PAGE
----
Kate Rees never expected to see Paris again, especially not under these circumstances. Born and bred in rural Oregon, she earned a scholarship to the Sorbonne, where she met Dafydd, a handsome Welshman who stole her heart. The start of World War II finds the couple stationed in the Orkney Islands, where Kate impresses Alfred Stepney of the War Department with the rifle skills she developed helping her dad and five brothers protect the family’s cattle. After unimaginable tragedy strikes, Stepney recruits Kate for a mission that will allow her to channel her newly ignited rage against the Germans who’ve just invaded France. She’s parachuted into the countryside, where her fluent French should help her blend in. Landing in a field, she hops a milk train to Paris, where she plans to shoot Adolf Hitler as he stands on the steps of Sacre-Coeur. Instead, she kills his admiral and has to flee through the streets of Paris, struggling to hook up with the rescuers who are supposed to extract her. Meanwhile, Gunter Hoffman, a career policeman in a wartime assignment with the Reichssicherheitsdienst security forces, is charged with finding the assassin who dared attempt to kill the Führer. It’s hard to see how it can end well for both the cop and the cowgirl. The heroine’s flight is too episodic to capitalize on Black’s skill at character development, but she’s great at raising readers’ blood pressure.

A killer thriller.

Pub Date: April 7, 2020

ISBN: N/A

Page Count: 360

Publisher: Soho Crime

Review Posted Online: May 4, 2020

Kirkus Reviews Issue: May 15, 2020

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There is no real story, but the moving parts are fun, and the illustrations are beautiful.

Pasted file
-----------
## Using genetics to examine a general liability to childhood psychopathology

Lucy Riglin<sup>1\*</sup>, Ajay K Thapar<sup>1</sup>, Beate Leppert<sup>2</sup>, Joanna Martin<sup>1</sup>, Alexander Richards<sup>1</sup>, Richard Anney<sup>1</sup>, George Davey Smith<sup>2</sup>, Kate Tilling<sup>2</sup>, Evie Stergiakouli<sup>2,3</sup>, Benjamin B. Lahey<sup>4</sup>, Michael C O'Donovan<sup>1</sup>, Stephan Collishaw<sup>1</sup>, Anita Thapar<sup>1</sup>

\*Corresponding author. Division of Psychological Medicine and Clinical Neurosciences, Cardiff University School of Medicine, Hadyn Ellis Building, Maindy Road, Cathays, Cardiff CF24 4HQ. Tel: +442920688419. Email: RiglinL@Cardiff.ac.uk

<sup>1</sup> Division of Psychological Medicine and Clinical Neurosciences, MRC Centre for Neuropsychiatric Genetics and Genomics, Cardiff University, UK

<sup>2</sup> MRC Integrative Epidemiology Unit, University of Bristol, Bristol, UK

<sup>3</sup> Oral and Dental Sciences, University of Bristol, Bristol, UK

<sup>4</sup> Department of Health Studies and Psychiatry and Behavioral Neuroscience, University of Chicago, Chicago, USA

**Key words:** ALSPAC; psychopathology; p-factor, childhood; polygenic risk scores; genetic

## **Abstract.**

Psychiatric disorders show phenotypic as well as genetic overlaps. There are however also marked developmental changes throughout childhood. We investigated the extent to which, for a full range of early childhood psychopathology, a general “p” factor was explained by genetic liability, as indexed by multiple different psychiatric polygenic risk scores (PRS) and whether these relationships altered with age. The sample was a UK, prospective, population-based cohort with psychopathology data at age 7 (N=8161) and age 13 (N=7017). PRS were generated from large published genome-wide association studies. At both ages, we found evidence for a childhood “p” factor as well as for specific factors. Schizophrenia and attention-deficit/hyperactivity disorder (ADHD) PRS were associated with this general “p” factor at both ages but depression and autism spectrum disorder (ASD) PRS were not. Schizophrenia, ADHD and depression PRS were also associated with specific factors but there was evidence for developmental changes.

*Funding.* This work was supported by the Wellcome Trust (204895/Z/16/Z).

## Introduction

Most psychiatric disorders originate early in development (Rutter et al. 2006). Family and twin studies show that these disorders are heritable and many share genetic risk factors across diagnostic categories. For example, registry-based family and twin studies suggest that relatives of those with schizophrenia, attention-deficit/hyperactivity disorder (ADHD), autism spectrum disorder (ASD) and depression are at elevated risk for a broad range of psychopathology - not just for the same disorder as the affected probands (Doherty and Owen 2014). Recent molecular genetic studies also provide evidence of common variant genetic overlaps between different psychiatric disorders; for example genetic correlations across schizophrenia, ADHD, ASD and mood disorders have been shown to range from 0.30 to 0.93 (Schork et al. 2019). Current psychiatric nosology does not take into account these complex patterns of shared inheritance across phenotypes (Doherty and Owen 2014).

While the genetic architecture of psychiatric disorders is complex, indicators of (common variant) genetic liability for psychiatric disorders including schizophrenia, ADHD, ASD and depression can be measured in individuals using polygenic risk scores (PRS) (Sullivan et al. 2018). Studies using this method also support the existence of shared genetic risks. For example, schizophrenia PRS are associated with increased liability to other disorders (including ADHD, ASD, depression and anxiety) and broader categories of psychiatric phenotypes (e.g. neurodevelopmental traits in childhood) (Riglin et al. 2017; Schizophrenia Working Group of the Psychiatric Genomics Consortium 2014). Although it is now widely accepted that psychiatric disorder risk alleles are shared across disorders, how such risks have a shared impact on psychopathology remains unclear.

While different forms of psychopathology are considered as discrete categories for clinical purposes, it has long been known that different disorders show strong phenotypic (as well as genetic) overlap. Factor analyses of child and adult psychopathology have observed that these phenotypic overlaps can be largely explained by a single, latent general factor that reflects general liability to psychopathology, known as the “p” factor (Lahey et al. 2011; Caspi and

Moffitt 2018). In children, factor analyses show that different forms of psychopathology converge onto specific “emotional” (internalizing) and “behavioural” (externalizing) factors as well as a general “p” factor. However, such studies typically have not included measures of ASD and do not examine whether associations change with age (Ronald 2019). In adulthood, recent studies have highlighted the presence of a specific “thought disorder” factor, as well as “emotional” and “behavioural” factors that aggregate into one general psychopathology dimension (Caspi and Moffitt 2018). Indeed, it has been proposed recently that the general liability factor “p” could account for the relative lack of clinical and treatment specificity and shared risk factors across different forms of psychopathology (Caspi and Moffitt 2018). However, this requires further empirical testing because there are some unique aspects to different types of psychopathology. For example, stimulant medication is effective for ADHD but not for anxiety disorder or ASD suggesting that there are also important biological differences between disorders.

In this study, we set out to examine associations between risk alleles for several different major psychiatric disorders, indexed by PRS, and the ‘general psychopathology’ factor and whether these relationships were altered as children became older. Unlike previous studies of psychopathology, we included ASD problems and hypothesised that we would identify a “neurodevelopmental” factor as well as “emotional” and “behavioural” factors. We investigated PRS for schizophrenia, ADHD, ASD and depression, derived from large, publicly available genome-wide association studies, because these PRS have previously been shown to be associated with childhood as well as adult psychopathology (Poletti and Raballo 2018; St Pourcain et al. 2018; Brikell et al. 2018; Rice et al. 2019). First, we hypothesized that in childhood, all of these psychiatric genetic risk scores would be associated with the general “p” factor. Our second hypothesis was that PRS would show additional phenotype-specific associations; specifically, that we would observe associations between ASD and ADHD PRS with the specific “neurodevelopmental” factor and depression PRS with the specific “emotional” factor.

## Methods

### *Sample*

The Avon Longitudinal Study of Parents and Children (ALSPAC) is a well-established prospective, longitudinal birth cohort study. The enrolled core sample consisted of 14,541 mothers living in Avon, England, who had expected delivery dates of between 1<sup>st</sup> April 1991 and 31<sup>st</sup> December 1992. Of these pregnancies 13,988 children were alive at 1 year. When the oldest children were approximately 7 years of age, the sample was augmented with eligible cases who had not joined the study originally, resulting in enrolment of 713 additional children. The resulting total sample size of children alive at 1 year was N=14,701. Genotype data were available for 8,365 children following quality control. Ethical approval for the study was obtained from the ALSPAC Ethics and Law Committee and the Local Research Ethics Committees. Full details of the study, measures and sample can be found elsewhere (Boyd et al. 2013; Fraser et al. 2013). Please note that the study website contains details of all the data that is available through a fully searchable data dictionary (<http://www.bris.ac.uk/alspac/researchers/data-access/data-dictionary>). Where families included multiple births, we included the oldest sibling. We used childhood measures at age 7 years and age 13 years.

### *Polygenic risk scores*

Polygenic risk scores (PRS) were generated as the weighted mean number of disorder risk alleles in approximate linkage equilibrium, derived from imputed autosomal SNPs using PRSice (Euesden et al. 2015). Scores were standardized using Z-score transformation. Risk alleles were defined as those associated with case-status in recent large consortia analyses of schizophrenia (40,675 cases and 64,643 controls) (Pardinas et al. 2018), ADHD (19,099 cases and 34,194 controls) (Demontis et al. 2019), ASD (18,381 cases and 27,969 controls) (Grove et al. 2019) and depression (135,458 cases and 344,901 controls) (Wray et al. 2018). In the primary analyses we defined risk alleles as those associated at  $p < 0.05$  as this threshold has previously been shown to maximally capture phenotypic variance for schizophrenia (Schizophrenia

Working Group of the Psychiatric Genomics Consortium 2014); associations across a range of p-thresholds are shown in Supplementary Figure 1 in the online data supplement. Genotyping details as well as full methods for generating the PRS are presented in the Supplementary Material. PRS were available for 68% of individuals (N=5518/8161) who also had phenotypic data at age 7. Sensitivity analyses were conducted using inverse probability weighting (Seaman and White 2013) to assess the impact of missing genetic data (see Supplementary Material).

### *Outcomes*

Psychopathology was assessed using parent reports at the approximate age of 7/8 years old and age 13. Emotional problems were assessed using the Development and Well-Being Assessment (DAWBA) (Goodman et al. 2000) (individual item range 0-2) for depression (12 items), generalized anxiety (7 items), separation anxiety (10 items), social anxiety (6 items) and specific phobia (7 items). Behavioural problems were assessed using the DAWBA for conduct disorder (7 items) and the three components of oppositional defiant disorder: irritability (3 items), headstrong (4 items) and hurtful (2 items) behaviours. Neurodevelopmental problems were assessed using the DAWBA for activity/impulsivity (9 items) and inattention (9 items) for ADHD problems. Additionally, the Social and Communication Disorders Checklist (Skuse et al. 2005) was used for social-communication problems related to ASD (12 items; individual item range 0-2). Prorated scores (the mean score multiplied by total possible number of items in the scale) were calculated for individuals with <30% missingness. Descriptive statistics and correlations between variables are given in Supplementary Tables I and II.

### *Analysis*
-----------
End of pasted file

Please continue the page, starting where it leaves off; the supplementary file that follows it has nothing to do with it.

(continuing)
EGGS ARE EVERYWHERE

An interactive egg hunt with turning-wheel and lift-the-flap elements.

This board book begins by directing readers to find the hidden eggs. Each wheel—there are four in all set into the interior pages—has several different eggs on it, and turning it reveals an egg in a little die-cut window. Spinning it further hides the egg behind one of two lift-the-flap panels—two baskets, for example—and readers must guess behind which they’ll find the egg they have chosen to track. A diagram on the back provides instructions for use, likely more helpful to caregivers than to little ones. There is no narrative in this book; it’s simply page after page of different directives along the lines of “Guess which door!” As a result, the focus is really on manipulatives and the illustrations. Fortunately, Kirwan’s spring-themed artwork is gorgeous. The backdrop of each page is flower- and leaf-themed with warm spring hues, echoing the artwork of Eastern European hand-stenciled Easter eggs, two of which appear at the end of the book. The animals, like the smiling snail and mischievous mice, are reminiscent of classic European fairy-tale creatures. The only human in the book is a dark-skinned child with tight, curly hair. The moveable pieces largely work, though at times the necessary white space under the flaps interrupts the illustration awkwardly, as when the child’s hands suddenly develop large oval holes if the spinner is not in the correct position. Overall, it’s more game than book.

There is no real story, but the moving parts are fun, and the illustrations are beautiful. (Board book. 2-4)

Pub Date: Feb. 4, 2020

ISBN: 978-1-4521-7457-0

Page Count: 10

Publisher: Chronicle

Review Posted Online: Dec. 18, 2019

Kirkus Reviews Issue: Jan. 15, 2020